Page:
Farm Progress is part of the Informa Markets Division of Informa PLC

This site is operated by a business or businesses owned by Informa PLC and all copyright resides with them. Informa PLC's registered office is 5 Howick Place, London SW1P 1WG. Registered in England and Wales. Number 8860726.

Serving: WI

Buying hay equipment with neighbor makes sense

A semitrailer filled with hay and other farming equipment next to a field of crops Fran O'Leary
MACHINERY PARTNERSHIP: By combining haying resources, you and your neighbor can upgrade your equipment and spread the overhead and ownership costs over double the acres of each individual.
Agrivision: Test out the arrangement before forming a partnership or LLC.

My neighbor and I just finished chopping corn silage, and we are discussing purchasing a chopper and new ag bagger together. We each farm 325 to 360 acres, and we each have 225 to 250 milking and dry cows. We each raise about 100 dairy heifers. I feed out 125 dairy steers. My neighbor sells his bulls as calves. We both have old pull-type choppers that are no longer dependable. I have an ag bagger, but it is 15 years old and needs replacing. Our mowers, tedders and six chopper boxes are in satisfactory condition.

We would like to buy one new pull-type chopper and a new ag bagger. We figure we can put up our haylage and corn silage a lot faster and with fewer breakdowns, and we can share labor — I’ll pay the people who help harvest my crops, and he will pay them when we do his crops. Do we need to enter a partnership or an LLC to do this, or just sign some written machinery agreement? If this works out, we are talking about eventually buying a mower, other haying equipment and maybe other farm equipment together. What are your thoughts?

Tom Kestell: I think working together with your neighbor can be a great idea if done properly. I would definitely form a separate limited liability company to jointly own and operate this equipment. Thoughtful planning is always the first step in a new venture. Hopefully this will be a long-lasting agreement, but the first or second part of a new agreement or partnership is to have an exit plan, if either or both parties want to exit the agreement. A little wise legal advice might be the cheapest part of this venture.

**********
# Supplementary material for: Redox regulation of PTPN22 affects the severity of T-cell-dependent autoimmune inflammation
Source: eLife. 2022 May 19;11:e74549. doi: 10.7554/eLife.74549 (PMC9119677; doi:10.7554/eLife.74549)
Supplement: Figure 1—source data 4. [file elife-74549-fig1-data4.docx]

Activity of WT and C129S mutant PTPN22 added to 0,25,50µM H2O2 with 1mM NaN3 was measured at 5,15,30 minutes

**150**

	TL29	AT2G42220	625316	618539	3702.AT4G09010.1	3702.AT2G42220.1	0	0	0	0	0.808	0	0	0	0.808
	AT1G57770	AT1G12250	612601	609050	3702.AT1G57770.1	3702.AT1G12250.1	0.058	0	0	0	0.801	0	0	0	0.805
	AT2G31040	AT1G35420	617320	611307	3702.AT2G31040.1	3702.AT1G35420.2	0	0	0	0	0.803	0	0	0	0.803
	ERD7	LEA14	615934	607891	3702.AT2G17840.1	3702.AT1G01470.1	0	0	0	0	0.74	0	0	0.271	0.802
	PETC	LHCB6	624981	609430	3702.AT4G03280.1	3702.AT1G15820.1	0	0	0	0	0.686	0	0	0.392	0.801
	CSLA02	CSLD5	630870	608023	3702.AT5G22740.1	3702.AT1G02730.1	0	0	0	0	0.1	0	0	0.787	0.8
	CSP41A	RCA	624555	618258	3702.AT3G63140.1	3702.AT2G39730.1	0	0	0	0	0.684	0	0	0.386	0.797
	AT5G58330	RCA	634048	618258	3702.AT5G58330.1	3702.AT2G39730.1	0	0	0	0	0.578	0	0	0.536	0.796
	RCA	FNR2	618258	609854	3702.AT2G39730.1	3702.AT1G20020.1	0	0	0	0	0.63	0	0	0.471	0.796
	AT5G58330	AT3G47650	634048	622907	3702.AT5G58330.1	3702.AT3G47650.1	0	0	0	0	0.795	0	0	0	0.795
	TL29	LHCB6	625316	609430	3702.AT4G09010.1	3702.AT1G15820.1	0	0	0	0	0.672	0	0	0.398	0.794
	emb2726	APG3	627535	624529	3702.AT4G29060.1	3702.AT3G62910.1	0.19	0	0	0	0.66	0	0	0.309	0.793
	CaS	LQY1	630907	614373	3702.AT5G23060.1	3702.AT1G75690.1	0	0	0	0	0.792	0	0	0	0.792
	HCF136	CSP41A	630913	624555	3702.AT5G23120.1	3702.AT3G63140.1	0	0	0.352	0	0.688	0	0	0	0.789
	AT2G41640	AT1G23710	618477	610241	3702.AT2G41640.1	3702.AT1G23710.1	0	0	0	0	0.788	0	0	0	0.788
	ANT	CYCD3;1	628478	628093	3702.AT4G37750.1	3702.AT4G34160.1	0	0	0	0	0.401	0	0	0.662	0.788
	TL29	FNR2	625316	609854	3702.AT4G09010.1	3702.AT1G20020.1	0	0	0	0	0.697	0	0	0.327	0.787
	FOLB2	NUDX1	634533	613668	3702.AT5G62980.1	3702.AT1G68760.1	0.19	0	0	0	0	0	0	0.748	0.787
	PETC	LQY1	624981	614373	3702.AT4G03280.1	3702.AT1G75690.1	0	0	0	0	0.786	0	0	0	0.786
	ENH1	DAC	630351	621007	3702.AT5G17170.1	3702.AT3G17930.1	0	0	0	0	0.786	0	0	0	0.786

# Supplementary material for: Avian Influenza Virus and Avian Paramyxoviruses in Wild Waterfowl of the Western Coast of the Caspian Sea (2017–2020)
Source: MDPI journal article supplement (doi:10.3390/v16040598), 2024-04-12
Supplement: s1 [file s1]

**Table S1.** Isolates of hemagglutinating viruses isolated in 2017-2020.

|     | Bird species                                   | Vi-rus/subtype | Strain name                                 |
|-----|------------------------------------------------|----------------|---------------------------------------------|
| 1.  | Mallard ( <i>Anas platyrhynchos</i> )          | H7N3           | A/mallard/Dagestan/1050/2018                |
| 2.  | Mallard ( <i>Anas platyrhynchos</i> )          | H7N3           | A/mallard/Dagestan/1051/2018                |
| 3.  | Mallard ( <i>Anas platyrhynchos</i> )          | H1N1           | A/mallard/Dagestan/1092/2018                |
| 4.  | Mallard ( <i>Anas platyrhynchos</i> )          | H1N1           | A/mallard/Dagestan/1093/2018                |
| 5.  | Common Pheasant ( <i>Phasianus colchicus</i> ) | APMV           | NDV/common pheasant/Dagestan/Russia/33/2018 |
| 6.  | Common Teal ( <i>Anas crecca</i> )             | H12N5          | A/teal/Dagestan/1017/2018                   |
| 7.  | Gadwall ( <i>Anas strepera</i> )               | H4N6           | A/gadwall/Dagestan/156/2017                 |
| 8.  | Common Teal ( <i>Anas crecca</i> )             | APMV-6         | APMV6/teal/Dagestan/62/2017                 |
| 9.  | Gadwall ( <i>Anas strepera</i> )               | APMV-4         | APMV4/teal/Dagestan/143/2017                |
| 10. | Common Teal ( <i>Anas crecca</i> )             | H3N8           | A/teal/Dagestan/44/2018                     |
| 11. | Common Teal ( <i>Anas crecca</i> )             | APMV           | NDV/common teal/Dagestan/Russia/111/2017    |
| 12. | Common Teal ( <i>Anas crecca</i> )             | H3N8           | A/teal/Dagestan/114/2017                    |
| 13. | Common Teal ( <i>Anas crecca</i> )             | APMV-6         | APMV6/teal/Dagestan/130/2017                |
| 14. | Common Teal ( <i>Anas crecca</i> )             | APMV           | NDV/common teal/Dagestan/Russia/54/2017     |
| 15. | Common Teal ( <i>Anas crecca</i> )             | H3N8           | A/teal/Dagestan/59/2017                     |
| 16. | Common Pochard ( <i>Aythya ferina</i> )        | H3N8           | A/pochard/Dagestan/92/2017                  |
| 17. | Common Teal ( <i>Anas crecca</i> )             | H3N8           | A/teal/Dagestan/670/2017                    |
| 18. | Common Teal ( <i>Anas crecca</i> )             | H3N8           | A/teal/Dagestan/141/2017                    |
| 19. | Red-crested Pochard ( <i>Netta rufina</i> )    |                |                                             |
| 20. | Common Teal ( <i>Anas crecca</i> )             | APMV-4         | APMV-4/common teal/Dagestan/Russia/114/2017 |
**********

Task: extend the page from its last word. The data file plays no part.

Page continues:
You have some time over winter to investigate the possibilities of moving up to a small self-propelled unit for your harvesting needs. Many smaller self-propelled harvesters would give you increased harvest capacity. Used on a limited number of acres, these units would serve you both for many years. I would talk to farmers who have made the switch to self-propelled harvesting units to learn the pros and cons from someone who has direct experience with the two equipment choices. Also take into consideration harvesting schedules, separate needs each farm has and how you will handle these issues.

Sam Miller: Based on your question, you and your neighbor have thought this through. By combining your resources, both of you can upgrade your equipment and spread out the overhead and ownership costs over double the acres of each individual. There are several business arrangements you could employ, from a simple partnership with a written agreement to an LLC or a corporation.

If you plan to also start doing custom work for others, it may make sense to form an LLC. If you plan to use the equipment for each of your farming operations only, a written agreement may suffice. Depending on this answer, visit with an attorney regarding establishing an LLC, or contact your local Extension ag agent for sample written machinery ownership agreements. Good luck replacing your harvest and bagging equipment.

Katie Wantoch: Each individual farm operation is different and has unique characteristics. A business typically passes through at least three stages during a farmer’s life: entry, growth and exit. You and your neighbor are likely in the growth stages, but this new endeavour will take you back to that entry stage. The entry (or beginning) stage involves testing and establishment. Sufficient capital and managerial skills need to be acquired to establish a financially stable operation that will generate adequate income and be able to succeed.

It sounds like you have both analyzed the current situation and outlined your objectives. Next, assess the possibilities of working together in a variety of joint business arrangements. Be sure that who’s paying for what and what’s being done by whom is drafted in a written agreement and signed by all parties. You and your neighbor would next enter a so-called testing stage, where you can see if this joint arrangement can work for both parties. This testing stage may be for one year or several years. Your written agreement should indicate a timeline when you and your neighbor can review how things are progressing. As time goes on, you may choose to enter into a partnership or LLC, or you may decide to exit this agreement if it is not working out for both parties.

Farming after spouse dies